Western star William Boyd (1895-1972) was born on this day.
Almost exclusively known as “Hopalong Cassidy” today, Boyd had acted in pictures for nearly two decades before that fortuitous role came along. Born in Ohio, raised in Oklahoma, Boyd moved to Southern California as a young man and worked at a succession of odd jobs. In 1918, he found work as an extra in silent movies. Thanks to his good looks and natural acting ability by the mid ’20s he was starring in features by Cecil B. De Mille, D.W. Griffith and others, including The Road to Yesterday (1925), The Volga Boatman (1926), The King of Kings (1927), and Lady of the Pavements (1929). When sound came in, Boyd continued to star in films, though normally ones of lesser prestige. They include the western The Painted Desert (1931) with Helen Twelvetrees and Clark Gable in his very first film; and Suicide Fleet and Carnival Boat, both in 1932 opposite a very young Ginger Rogers. His last pre-Hopalong film was Port of Lost Dreams (1934) with Lola Lane.
Hopalong Cassidy was a character created by writer Clarence E. Mulford in 1904 in a series of novels and short stories written for pulp magazines, When the first Hopalong movie was made in 1935, Boyd originally audition for the sidekick role, but lobbied for the lead, and won. He was 40 years old at the time. The character’s unusual name stems from the fact that in the origin story he was shot in the leg and walks with a limp ever afterward. As conceived in the original stories he was a bit of a rough character, given to drinking and cussing. Hollywood cleaned him up for the children’s market. The movie version of Hopalong Cassidy didn’t drink, smoke, swear, or start fights. Cassidy’s famous beverage of choice was sarsaparilla, which became fodder for many a comedy routine.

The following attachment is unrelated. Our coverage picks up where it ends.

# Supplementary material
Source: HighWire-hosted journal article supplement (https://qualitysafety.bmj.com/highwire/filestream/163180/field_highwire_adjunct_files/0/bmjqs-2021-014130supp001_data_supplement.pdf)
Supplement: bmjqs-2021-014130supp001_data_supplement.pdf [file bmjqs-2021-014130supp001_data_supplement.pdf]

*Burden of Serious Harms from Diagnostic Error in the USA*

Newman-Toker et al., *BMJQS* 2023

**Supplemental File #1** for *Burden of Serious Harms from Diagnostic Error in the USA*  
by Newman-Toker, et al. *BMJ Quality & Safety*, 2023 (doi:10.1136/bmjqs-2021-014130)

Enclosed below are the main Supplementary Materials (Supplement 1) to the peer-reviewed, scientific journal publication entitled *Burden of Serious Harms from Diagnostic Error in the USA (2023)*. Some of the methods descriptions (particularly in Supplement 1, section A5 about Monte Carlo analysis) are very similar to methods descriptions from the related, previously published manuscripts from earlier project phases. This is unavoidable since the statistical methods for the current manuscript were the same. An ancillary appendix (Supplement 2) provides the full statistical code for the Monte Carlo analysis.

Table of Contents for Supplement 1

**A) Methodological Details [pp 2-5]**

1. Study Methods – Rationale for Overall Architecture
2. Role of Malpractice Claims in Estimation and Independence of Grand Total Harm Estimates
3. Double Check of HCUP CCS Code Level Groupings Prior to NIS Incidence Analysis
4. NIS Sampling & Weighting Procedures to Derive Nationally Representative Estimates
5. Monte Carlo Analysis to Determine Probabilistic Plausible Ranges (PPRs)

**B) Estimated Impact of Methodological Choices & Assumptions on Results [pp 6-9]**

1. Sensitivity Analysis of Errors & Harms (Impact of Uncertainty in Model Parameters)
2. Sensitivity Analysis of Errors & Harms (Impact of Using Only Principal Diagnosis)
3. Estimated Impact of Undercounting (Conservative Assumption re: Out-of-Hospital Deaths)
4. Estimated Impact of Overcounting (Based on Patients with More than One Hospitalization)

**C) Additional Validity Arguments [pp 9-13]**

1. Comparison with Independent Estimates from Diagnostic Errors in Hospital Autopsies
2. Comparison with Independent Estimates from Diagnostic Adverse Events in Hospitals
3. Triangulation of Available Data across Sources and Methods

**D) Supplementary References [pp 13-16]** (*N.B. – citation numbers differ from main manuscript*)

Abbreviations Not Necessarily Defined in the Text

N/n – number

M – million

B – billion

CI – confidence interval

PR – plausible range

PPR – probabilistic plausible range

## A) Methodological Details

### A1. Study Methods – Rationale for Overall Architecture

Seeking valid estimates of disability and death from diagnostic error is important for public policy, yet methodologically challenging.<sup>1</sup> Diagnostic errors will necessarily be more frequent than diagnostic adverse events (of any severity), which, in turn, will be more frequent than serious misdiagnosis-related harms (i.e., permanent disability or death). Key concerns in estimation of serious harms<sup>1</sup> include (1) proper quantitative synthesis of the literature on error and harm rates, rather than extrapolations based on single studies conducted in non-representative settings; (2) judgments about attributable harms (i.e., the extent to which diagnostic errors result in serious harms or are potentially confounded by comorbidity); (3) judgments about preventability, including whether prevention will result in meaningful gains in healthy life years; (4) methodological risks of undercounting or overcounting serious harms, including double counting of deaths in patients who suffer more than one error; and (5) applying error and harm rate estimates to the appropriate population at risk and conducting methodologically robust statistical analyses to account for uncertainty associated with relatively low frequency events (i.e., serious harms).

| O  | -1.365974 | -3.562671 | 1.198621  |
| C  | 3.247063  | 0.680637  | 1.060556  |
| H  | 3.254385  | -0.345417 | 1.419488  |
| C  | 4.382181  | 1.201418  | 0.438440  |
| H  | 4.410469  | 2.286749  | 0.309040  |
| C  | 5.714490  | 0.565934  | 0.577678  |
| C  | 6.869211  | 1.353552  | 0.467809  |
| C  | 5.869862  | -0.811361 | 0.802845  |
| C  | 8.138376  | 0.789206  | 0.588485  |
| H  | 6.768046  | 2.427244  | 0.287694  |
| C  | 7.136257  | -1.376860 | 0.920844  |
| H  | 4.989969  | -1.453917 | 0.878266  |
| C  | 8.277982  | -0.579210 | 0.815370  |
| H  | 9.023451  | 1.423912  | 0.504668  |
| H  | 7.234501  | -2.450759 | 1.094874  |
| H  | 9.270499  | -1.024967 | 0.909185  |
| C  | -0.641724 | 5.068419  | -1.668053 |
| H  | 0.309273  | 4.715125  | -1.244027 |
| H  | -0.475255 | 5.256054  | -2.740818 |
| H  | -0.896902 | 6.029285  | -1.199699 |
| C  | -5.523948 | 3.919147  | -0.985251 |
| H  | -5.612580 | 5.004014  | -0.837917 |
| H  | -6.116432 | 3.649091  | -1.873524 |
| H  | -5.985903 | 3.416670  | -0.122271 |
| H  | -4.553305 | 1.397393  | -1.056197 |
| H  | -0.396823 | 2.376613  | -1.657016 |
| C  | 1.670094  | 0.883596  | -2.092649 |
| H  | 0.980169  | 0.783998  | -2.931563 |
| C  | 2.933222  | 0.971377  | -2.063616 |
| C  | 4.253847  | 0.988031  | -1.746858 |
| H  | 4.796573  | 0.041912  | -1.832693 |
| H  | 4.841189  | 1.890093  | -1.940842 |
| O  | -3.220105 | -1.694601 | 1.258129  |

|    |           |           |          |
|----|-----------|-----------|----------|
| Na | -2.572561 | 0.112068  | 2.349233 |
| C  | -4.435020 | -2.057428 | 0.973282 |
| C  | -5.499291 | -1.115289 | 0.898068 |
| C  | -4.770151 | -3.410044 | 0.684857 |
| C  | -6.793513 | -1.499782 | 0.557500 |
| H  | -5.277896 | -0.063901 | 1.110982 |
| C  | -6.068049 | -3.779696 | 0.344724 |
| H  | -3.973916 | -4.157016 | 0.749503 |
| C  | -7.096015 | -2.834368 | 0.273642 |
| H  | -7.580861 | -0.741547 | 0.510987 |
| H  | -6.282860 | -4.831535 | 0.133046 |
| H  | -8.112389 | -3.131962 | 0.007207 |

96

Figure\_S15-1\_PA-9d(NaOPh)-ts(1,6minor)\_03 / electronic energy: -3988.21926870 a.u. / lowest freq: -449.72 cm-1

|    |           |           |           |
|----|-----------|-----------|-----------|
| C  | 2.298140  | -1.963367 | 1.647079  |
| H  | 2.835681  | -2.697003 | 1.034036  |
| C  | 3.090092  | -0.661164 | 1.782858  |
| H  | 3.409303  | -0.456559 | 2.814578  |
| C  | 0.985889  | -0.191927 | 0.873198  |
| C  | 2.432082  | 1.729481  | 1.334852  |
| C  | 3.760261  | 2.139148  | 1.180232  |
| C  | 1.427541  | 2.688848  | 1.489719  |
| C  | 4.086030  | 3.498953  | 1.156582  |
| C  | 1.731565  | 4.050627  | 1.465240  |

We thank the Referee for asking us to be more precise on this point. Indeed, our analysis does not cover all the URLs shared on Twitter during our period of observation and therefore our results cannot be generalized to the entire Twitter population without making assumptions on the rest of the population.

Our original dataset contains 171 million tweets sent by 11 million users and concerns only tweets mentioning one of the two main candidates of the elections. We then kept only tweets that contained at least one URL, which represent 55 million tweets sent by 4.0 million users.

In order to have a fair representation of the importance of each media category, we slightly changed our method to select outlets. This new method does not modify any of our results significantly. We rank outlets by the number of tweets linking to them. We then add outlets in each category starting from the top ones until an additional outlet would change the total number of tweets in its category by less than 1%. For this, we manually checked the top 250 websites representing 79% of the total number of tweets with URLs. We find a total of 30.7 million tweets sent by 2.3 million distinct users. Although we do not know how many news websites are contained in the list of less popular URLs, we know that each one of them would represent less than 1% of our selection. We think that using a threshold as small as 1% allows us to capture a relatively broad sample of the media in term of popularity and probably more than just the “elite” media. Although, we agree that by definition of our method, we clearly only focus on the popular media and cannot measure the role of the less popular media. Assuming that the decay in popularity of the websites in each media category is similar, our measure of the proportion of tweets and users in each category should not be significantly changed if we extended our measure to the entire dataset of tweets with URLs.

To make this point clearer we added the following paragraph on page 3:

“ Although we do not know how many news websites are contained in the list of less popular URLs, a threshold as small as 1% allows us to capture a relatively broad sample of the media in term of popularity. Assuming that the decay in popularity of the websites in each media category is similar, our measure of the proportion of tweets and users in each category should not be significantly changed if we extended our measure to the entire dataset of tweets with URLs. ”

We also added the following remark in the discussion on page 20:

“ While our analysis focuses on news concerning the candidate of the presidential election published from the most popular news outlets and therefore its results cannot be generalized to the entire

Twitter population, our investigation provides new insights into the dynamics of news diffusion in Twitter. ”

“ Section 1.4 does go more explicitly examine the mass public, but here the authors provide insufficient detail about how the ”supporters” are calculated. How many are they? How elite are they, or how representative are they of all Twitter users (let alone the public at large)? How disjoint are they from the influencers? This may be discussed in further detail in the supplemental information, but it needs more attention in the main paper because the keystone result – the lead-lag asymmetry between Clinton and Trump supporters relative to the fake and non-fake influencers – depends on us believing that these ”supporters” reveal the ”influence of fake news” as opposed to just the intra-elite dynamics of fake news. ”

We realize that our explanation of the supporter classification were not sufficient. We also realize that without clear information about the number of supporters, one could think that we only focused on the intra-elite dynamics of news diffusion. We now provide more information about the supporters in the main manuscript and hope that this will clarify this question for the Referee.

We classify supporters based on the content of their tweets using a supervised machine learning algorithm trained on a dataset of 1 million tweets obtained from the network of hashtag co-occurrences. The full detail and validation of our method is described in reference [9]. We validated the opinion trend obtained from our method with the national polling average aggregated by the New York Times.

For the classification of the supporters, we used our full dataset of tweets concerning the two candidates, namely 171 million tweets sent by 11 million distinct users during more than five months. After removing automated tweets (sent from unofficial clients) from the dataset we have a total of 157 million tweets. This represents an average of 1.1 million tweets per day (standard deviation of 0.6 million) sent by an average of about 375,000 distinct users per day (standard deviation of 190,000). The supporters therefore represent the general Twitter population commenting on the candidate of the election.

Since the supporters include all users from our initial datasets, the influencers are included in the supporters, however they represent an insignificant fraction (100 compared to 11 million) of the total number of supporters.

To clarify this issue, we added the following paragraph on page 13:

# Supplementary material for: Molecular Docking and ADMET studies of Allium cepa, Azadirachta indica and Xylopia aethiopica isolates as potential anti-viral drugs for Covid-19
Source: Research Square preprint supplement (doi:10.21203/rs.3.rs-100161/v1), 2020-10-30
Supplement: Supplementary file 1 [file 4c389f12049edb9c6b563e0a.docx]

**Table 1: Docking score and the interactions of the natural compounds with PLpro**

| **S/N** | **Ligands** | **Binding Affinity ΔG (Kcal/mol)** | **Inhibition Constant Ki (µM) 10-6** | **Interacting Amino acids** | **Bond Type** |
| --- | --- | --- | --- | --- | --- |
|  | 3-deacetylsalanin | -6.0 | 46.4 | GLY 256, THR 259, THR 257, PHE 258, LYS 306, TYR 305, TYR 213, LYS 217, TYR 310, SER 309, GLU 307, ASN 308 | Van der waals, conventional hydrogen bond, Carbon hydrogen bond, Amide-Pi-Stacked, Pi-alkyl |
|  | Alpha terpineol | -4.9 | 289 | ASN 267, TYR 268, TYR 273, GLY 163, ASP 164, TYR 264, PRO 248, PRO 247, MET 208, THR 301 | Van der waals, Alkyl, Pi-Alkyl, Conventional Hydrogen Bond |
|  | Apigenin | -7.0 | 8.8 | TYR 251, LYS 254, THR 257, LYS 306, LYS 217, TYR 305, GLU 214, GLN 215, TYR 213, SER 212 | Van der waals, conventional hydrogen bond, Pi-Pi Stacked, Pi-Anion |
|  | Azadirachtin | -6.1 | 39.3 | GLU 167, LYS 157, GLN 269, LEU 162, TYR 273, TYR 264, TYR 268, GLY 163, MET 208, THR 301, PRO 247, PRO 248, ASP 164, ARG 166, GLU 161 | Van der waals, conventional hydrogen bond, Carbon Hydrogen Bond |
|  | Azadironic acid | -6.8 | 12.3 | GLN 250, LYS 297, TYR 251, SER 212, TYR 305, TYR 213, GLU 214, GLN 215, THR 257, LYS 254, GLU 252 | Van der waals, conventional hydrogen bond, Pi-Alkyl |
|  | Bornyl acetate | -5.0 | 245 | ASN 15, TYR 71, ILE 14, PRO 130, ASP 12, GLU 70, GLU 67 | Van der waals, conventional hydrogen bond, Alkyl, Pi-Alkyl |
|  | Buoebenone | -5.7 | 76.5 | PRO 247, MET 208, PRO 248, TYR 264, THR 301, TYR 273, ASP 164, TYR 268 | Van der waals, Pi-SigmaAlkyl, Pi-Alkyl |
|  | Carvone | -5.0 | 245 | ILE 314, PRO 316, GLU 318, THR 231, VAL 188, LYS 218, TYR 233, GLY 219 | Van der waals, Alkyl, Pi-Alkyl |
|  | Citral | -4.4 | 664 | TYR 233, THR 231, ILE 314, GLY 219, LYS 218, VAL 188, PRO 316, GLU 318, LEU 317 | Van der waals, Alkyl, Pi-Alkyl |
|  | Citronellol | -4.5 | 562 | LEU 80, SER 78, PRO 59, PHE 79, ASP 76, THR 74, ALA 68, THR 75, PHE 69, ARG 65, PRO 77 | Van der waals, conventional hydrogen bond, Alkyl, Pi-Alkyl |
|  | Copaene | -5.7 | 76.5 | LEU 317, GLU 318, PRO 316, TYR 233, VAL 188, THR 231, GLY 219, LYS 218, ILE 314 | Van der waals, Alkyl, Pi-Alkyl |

Unusual for a movie hero, Hoppy dressed all in black, usually the preferred symbolic color for villains. He also benefited from a series of colorful sidekicks, played by Gabby Hayes, Britt Wood, and Andy Clyde.
The Hopalong Cassidy films were wildly popular. 66 of them were made and released to cinemas through 1948. They were better made than most B movie westerns, but everything must run its course. Towards the end, the produced of the series, Harry Sherman, pulled out. Boyd truly believed in the franchise, however. He bought the rights to the property from Sherman and produced the last dozen Hoppy films himself. In 1949, he sold them to television, making Hopalong Cassidy the first western TV series. With 66 features in the can, it was an easy matter to cut them down to an hour for television and have enough material for a weekly show. The popularity was so great that a series of new episodes were then created, with Edgar Buchanan as his sidekick. The films were re-released to cinemas, and a new radio series was launched, running from 1948 through 1952. The TV series ran through 1954. Boyd made a fortune from all of this, as well as from the licensing for a comic strip, comic books, trading cards, toys and other merchandise.
He made the cover of Time!
Despite his professional success, Boyd appears to have had a tumultuous private life. He was married no less than five times: to socialite Laura Maynard, and then to four actresses: Ruth Miller (not the same as Patsy Ruth Miller), Elinor Fair, Dorothy Sebastian, and Grace Bradley.
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